ГЛАГОЛЫ С ОТДЕЛЯЕМЫМИ ПРИСТАВКАМИ Гарькавая Л.Н.

Белгородский государственный национальный исследовательский университет


Номер: 5-3
Год: 2017
Страницы: 63-66
Журнал: Актуальные проблемы гуманитарных и естественных наук

Ключевые слова

отделяемые глагольные частицы, префикс, морфология, синтаксис, отделяемость, словообразование, вторичная предикация, немецкий язык, Particle verbs, prefix, morphology, syntax, separability, word formation, second predication, German

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Аннотация к статье

Глаголы c отделяемыми частицы представляют собой спорный и активно дискутируемый феномен немецкого языка. В некотором смысле данные конструкции ведут себя как слова, но так же в некоторой степени и как фразы, что является основанием для теоретических исследований взаимодействий между морфологией и синтаксисом. Ученым, анализирующие глаголы с отделяемыми частицами как фразовые конструкции, необходимо принимать во внимание тот факт, что данные конструкции обладают способностью к словообразованию. Морфологические исследования, с другой стороны, должны учитывать отделяемость данных глагольных соединения.

Текст научной статьи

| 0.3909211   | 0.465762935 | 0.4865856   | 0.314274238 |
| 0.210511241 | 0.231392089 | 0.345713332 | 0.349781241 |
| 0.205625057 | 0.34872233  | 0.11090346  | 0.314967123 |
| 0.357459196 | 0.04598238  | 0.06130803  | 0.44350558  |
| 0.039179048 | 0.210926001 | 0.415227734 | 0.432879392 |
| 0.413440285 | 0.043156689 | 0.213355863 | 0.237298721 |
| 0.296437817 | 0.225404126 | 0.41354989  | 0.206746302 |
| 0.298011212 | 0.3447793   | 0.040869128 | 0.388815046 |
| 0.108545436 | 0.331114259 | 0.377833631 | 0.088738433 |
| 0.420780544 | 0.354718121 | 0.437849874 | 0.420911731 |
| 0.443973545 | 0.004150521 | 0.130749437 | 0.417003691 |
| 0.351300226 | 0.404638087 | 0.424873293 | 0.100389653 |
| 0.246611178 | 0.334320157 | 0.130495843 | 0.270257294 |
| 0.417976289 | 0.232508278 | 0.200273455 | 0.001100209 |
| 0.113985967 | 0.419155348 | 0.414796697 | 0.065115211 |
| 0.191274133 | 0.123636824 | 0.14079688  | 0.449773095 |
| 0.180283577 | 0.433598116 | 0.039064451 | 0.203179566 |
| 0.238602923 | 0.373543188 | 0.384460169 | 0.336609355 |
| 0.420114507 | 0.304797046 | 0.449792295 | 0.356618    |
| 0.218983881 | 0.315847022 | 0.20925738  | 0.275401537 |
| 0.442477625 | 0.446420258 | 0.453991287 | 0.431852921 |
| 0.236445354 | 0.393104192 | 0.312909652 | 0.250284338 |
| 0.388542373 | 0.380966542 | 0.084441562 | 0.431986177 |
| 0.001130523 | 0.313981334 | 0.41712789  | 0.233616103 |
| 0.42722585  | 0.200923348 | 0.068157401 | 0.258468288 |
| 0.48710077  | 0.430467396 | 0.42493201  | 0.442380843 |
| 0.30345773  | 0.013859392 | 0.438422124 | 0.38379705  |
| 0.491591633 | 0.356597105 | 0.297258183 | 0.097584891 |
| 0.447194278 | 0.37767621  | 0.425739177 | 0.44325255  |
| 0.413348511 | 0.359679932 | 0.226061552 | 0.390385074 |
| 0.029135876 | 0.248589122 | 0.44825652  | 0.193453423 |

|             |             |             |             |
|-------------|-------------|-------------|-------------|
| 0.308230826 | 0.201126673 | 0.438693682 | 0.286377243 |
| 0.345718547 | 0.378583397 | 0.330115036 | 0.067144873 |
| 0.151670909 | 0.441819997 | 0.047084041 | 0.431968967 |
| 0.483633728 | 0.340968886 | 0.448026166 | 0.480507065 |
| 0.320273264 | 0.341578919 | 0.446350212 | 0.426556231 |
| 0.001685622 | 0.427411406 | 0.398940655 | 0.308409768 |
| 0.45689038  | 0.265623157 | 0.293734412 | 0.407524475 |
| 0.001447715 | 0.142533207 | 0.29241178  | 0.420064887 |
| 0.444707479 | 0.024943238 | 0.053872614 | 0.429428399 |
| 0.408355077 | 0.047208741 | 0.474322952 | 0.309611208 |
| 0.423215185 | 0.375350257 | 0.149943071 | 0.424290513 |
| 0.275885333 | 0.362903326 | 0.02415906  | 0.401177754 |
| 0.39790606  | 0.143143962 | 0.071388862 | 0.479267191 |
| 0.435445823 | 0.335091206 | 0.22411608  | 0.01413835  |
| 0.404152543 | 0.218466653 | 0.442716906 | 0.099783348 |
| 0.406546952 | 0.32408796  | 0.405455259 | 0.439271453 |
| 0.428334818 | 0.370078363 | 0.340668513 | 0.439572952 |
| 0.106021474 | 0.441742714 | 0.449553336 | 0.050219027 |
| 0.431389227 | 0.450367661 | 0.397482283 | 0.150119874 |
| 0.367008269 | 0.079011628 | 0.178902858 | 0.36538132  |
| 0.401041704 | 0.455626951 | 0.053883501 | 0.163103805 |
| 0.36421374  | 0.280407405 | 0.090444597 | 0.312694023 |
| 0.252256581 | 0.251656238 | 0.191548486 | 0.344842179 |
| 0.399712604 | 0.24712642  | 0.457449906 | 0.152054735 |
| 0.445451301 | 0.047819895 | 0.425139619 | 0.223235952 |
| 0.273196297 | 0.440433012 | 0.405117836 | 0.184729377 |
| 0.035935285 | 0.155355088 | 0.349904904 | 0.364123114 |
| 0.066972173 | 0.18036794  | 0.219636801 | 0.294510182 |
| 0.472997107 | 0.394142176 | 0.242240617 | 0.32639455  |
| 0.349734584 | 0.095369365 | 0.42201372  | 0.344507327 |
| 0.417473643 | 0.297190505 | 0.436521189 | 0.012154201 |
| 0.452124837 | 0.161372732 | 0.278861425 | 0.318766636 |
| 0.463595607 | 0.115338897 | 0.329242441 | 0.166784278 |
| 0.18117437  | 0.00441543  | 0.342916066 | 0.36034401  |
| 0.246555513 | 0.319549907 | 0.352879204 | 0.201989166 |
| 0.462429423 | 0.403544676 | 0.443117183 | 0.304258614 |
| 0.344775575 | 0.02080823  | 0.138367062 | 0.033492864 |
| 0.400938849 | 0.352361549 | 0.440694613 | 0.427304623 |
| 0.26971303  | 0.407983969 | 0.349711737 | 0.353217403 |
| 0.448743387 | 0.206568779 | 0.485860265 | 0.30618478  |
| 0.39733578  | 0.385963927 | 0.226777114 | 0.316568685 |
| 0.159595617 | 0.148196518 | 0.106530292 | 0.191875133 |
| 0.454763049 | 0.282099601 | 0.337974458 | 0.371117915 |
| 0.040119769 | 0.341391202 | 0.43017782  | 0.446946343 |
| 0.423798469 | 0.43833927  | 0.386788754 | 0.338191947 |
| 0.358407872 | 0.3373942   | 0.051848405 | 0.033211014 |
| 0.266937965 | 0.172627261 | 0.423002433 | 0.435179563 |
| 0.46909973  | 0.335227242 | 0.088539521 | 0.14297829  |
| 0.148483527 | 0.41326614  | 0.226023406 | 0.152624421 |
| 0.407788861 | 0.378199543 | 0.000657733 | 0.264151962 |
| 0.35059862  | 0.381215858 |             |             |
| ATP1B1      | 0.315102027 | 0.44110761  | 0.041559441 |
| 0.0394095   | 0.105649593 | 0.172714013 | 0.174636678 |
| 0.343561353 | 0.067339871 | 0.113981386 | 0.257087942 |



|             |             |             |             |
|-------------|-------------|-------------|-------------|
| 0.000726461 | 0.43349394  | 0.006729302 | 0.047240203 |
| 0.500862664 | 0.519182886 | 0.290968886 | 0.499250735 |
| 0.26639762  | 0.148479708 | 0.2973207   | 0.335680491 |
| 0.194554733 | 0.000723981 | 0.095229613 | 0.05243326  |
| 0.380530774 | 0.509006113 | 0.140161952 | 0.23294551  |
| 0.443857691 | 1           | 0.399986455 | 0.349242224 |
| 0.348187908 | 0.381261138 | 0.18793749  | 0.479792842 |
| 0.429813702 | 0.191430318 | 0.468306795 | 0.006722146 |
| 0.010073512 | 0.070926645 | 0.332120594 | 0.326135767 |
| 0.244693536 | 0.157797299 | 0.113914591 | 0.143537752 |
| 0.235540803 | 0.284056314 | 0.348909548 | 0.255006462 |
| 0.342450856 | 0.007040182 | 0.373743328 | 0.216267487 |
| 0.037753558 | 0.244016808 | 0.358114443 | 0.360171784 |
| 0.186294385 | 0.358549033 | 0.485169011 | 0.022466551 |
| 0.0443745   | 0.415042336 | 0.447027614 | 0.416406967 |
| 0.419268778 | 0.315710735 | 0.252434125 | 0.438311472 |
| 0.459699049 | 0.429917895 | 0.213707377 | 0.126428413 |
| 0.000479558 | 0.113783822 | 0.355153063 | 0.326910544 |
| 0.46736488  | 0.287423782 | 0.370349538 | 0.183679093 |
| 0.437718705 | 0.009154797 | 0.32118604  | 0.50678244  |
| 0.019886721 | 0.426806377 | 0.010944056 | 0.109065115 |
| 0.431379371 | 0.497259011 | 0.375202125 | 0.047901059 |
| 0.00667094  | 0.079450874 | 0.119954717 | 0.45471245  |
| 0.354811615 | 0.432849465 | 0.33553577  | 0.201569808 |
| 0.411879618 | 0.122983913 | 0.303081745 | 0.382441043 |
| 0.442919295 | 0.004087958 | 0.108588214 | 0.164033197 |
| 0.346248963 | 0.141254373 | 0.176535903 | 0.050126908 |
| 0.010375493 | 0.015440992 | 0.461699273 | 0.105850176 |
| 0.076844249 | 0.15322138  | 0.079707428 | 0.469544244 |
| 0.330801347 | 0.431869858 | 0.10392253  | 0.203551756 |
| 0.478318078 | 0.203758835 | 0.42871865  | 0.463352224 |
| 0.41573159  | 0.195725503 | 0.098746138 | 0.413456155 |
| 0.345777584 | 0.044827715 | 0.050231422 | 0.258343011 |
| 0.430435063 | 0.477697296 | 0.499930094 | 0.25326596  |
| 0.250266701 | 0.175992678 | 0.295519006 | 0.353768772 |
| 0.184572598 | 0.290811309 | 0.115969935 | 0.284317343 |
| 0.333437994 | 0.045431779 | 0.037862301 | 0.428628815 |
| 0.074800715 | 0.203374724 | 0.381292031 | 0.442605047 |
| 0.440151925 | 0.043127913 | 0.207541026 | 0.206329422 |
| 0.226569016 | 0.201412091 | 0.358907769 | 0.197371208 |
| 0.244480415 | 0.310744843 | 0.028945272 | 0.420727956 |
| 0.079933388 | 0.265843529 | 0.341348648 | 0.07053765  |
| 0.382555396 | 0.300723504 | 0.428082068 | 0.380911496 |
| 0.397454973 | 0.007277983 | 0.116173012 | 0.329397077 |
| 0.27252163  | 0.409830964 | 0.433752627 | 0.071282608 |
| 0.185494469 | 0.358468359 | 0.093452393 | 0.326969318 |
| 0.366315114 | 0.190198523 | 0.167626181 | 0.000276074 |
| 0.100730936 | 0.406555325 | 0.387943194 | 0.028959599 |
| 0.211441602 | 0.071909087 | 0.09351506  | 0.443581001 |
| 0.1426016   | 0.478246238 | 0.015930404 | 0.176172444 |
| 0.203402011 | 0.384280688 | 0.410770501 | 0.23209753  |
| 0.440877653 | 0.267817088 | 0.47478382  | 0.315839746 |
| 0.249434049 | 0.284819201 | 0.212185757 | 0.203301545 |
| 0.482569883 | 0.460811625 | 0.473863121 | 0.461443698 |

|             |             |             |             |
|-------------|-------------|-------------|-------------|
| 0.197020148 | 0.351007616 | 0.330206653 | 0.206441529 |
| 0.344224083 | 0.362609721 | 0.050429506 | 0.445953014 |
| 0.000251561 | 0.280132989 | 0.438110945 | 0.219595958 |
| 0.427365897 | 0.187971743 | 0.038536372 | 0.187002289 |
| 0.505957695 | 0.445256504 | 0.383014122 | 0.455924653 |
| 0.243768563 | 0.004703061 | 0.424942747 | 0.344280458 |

The particle verbs are controversially discussed phenomenon of the German. These are quite common costructions that consist of a preverb and a verb, adjacent in V-final sentences but separated in other configurations, as exemplified in (1). (1) a. daß der Student die Studie anfängt that the student the study on (preverb)+catches(V ) “that the student begins the study.” b. Der Student fängt die Studie an. the student catches(V) the study on (preverb) “The student begins the study.” These constructions behave like words in some sense, but sometimes they behave more like phrases, which make them a good test case for theories about syntax-morphology interface. There seems to be a shared intuition among speakers of German about which constructions should be called particle verbs, at least for the “core case”. [4] But how do speakers of German distinguish particle verbs intuitively? What is at the roots of thus intuition? It can be assumed that this intuition is sensitive to the fact that those constructions that we call particle verbs are not fully transparent and that are to a lesser or greater degree lexicalized. This again might be due to the fact that many of those elements that we call particles are highly ambiguous. Some of them have adverb, adjective, or prepositional readings. Particle verbs are interesting because they show a behavior that is ambiguous between that of phrases and that of words. Accordingly, some researchers have analyzed them as phrasal constructions [3; 5; 8] and others have analyzed them as morphological objects [1; 7]. In either analysis it is difficult to account for the ‘untypical’ behavior. Those researchers that analyze particle verbs as phrasal constructions have to account for the fact that they undergo productive word formation, for instance. Morphological analyses, on the other hand, have to account for the separability of particle verbs. But still what are particle verbs? There is no generally agreed definition or even consensus on the notion of particle verbs. Nevertheless most people would probably agree with the following rough approximation: Particle verbs are constructions that consist of a verb and a preverb and that behave like words in some respects and like syntactic constructions in others. The problem that is investigated in this paper is already visible in this characterization. Structure problem deals with the structural properties of particle verbs. The question is: if particle verbs behave like words in some respects and like phrasal constructions in others, are they structurally words that are formed in morphology and that behave like phrases under certain circumstances? Or are they phrasal constructions that sometimes behave like words? The constructions (2) below are considered typical particle verbs. What they have in common is, roughly speaking that (a) they consist of a verb and something else in front of it (which can be called preverb, particle or prefix) and (b) that they are lexicalized, or non-transparent. 2. a. an (preverb)+fangen(V) ® anfangen “to begin” b. auf (preverb)+hören(V) ® aufhören “to stop, to finish” c. zu (preverb)+hören(V) ® zuhören “to listen” Particle verbs are, however, not simply lexicalized verbal compounds. Although the preveb and the verb are obligatorily adjacent in V-final sentences (V-final being the structure of subordinate clauses and the underlying sentence structure in German), they have to be separated under V-second or V-first, as shown for anfangen in (3). Here the verb moves to its designated position and the preverb obligatorily stays clause-final [3]. 3. a. daß die Erzählung anfängt. that the story on+catches “that the story begins.” b. Die Erzählung fängt an. the story catches on. “The story begins.” c. *Die Erzählung anfängt. The problem is immidiately obvious. The separability of particle verbs seems to suggest that they are not ’words’ but rather syntactic constructions consisting of a verb and a “a phrasal preverb”. [5:3] Why should such statement be assumed? First, words are generally not separable. And, second, in German there are similar constructions consisting of clearly phrasal constituentes and verbs that behave like particle verbs with respect to the placement of the secondary predicate, like, e.g., resultative constructions or certain adverbial constructions. Let me illustrate this with one example of a resultative construction. In (4) the resultative AP weich “soft” or the PP zu Brei “to mush” behave just like the preverb in (3): they are strictly adjacent to the verb in V-final sentences, while under V-second, only the verb moves and the resultative predicate stays clause-final. (4). a. daß die Mutter die Kartoffeln {weich/ zu Brei} kocht. that the mother the potatoes {soft/ to mush} boils. “that the mother boils the potatoes {soft/ to mush}.” b. Die Mutter kocht die Kartoffeln {weich/ zu Brei}. the mother boils the potatoes {soft/ to mush} “The mother boils the potatoes {soft/ to mush}.” c. *Die Mutter {weich/ zu Brei} kocht die Kartoffeln. However, particle verbs have word-like properties as well, and they are generally felt to be words. [5:3]. One factor for this might be the non-transparency of constructions like the ones in (2) but there are other factors as well which can be notice here: word formation and modification of the preverb. Particle verbs undergo productive word formation, as shown in (5a), just like simplex verbs (5b). The adjective unafgekocht, “unboiled”, is formed by prefixing the negation prefix un- to the past participle aufgekocht, “boiled”, from aufkochen, “to bring to a boil”. The adjective abwaschbar “washable” is a suffix derivation with the suffix -bar from abwaschen, “to wash”. Resultative constructions, on the other hand, are often assumed to not undergo productive word formation processes (5c). (5) a. unaufgekocht “unboiled” aufkochen “to bring to the boil” abwaschbar “washable” abwaschen “to wash off” b. ungekocht “uncooked” kochen “to cook” waschbar “washable” waschen “to wash” c. *unweichgekocht “unsoftboiled” weich kochen “to boil soft” *weichkochbar “softboilable” weich kochen “to boil soft” The preverbs in particle verbs also behave like parts of words rather than like phrasal constituents in that they cannot be modified. Compare (6a) and (6b). In (6a) the preverb auf cannot be modified by the degree particle zu, “too”, whereas the resultative predicate weich in (6b) can. (6) a. *Die Mutter kocht die Milch zu auf. the mother boils the milk too on. b. Die Mutter kocht die Kartoffeln zu weich. the mother boils the potatoes too soft. “The mother boils the potatoes too soft.” It is often claimed that only words can undergo word formation processes like un- prefixing and -bar derivation. It is also claimed that it is not possible to modify parts of words [6; 7]. Thus, the fact that the separable complex verbs can undergo productive formation and that the preverbs cannot be modified could easily be explained if separable complex verbs were to be analyzed as words and preverbs consequently as parts of words. Particle verbs are therefore good test cases for the relationship between syntax and morphology, and it is exactly this dilemma that has initiated most research about particle verbs [3; 4; 5; 7; 8].